|Patient Weight Range (kg)||Total infusion volume (mL)||
|1.25 - 10||50||3||8||13||18|
|10.1 - 20||100||5||15||25||35|
|20.1 - 30||150||8||23||38||53|
|30.1 - 35||200||10||30||50||70|
|35.1 - 50||250||13||38||63||88|
|50.1 - 60||300||15||45||75||105|
|60.1 - 100||500||25||75||125||175|
|100.1 - 120||600||30||90||150||210|
|120.1 - 140||700||35||105||175||245|
|140.1 - 160||800||40||120||200||280|
|160.1 - 180||900||45||135||225||315|
|180.1 - 200||1000||50||150||250||350|
Myozyme should be reconstituted, diluted and administered by a healthcare professional.
Use aseptic technique during preparation. Do not use filter needles during preparation.
- Determine the number of vials to be reconstituted based on the individual patient’s weight and the recommended dose of 20 mg/kg.
Patient weight (kg) x dose (mg/kg) = patient dose (in mg)
Patient dose (in mg) divided by 50 mg/vial = number of vials to reconstitute. If the number of vials includes a fraction, round up to the next whole number.
Example: Patient weight (16 kg) x dose (20 mg/kg) = patient dose (320 mg)
320 mg divided by 50 mg/vial = 6.4 vials; therefore, 7 vials should be reconstituted
Remove the required number of vials from the refrigerator and allow them to reach room temperature prior to reconstitution (approximately 30 minutes).
- Reconstitute each Myozyme vial by slowly injecting 10.3 mL of Sterile Water for Injection, USP to the inside wall of each vial. Each vial will yield 5 mg/mL. The total extractable dose per vial is 50 mg per 10 mL. Avoid forceful impact of the water for injection on the powder and avoid foaming. This is done by slow drop-wise addition of the water for injection down the inside of the vial and not directly onto the lyophilized cake. Tilt and roll each vial gently. Do not invert, swirl, or shake.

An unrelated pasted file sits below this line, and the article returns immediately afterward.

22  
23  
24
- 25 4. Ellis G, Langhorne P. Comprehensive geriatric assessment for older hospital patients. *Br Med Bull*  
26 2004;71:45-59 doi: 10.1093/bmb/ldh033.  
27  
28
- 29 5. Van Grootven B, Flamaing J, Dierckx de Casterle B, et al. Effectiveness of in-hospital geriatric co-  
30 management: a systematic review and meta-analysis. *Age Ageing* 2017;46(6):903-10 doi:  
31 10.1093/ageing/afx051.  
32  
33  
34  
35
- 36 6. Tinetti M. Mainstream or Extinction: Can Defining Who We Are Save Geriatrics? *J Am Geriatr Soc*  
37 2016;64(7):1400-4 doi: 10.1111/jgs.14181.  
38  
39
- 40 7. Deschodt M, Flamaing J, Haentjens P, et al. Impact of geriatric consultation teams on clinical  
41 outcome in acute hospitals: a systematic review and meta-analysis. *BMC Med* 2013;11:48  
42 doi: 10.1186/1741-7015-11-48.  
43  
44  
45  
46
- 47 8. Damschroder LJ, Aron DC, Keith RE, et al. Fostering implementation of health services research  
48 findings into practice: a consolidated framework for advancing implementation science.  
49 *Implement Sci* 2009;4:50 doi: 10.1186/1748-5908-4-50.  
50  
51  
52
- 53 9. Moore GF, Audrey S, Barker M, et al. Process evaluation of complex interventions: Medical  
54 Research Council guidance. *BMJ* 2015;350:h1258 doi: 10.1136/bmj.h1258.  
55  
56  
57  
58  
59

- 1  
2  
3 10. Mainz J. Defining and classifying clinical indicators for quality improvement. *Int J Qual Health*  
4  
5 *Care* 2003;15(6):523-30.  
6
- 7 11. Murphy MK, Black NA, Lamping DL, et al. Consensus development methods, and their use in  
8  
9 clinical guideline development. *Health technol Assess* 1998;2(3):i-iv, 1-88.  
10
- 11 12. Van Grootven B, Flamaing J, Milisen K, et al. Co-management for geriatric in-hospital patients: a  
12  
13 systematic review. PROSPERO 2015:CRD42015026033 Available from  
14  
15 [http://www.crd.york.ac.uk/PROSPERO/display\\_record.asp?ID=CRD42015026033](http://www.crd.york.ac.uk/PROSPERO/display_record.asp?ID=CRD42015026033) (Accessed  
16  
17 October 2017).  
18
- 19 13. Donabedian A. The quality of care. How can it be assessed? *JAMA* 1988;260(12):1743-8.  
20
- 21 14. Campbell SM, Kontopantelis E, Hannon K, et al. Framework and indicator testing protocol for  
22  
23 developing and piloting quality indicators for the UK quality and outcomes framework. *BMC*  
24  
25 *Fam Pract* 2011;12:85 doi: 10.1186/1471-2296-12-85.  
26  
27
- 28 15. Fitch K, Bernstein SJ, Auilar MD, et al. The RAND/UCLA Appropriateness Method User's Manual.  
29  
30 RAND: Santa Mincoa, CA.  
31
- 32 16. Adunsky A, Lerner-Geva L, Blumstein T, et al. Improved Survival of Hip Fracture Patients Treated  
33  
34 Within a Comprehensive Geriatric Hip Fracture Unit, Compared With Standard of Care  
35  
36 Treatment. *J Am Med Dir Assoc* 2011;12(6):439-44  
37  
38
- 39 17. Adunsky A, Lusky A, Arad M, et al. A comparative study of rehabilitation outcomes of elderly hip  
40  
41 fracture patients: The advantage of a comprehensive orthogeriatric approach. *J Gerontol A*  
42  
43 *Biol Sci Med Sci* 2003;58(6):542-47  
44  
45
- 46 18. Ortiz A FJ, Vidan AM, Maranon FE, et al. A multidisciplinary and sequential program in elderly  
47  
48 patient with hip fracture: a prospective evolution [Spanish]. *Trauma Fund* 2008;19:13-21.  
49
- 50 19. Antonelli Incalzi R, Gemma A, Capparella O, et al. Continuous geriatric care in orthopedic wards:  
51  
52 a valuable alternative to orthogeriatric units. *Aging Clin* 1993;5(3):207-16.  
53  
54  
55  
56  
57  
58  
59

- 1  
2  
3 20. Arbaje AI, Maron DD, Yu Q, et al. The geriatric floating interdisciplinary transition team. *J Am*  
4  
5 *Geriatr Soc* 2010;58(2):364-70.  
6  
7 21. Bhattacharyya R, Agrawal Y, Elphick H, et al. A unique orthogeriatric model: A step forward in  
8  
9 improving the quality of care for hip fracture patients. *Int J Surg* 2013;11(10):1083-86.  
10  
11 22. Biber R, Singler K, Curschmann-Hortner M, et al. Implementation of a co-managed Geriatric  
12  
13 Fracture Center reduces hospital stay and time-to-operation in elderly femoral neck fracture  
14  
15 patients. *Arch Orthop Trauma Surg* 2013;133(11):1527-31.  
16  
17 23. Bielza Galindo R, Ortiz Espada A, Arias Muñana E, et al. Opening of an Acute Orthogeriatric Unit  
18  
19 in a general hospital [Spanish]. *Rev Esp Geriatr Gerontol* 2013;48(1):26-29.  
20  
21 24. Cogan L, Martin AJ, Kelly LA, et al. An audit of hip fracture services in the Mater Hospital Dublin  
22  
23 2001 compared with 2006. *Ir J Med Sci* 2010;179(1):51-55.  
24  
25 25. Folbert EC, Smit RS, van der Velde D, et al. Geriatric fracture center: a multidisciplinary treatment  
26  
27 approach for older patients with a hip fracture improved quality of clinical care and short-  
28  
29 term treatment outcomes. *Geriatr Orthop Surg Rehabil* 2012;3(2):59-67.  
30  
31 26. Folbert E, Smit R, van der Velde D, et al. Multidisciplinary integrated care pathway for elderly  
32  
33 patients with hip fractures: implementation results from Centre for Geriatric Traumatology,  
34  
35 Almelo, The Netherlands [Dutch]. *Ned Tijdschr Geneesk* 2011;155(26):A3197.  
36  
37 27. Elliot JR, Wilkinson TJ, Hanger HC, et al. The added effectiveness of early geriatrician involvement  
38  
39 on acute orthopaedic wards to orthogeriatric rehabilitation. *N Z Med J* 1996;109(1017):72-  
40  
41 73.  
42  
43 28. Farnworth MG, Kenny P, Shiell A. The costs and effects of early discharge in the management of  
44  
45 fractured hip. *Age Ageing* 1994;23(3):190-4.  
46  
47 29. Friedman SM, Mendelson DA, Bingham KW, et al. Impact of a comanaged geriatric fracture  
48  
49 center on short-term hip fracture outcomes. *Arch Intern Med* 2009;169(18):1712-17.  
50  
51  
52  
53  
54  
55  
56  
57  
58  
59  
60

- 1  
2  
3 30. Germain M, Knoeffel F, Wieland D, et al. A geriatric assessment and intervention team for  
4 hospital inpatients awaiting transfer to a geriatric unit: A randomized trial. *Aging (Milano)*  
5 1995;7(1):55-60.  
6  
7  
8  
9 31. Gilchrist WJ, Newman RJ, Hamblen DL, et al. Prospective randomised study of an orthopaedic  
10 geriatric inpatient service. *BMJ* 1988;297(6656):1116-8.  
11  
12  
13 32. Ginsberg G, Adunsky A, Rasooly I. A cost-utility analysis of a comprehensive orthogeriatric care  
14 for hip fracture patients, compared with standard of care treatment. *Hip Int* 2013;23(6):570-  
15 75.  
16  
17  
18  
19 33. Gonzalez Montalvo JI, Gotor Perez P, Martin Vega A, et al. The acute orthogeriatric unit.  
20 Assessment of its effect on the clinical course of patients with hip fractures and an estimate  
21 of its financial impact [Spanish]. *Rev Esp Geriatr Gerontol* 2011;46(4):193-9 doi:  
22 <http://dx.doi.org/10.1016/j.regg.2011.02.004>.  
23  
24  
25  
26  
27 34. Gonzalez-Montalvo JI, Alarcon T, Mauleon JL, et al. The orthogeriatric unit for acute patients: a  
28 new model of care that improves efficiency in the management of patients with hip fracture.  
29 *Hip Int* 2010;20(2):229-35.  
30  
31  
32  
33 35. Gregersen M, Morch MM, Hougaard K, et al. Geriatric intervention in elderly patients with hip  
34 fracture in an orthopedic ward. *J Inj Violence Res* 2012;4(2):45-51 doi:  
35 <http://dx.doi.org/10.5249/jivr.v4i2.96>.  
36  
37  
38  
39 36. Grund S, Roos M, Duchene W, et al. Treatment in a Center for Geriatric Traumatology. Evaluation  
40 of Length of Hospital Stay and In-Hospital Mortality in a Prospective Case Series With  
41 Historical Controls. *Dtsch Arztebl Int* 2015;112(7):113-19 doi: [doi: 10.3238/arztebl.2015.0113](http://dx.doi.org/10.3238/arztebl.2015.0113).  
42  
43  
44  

- The reconstituted Myozyme solution should be protected from light.
- Perform an immediate visual inspection on the reconstituted vials for particulate matter and discoloration. If upon immediate inspection opaque particles are observed or if the solution is discolored do not use. The reconstituted solution may occasionally contain some alglucosidase alfa particles (typically less than 10 in a vial) in the form of thin white strands or translucent fibers subsequent to the initial inspection. This may also happen following dilution for infusion. These particles have been shown to contain alglucosidase alfa and may appear after the initial reconstitution step and increase over time. Studies have shown that these particles are removed via in-line filtration without having a detectable effect on the purity or strength.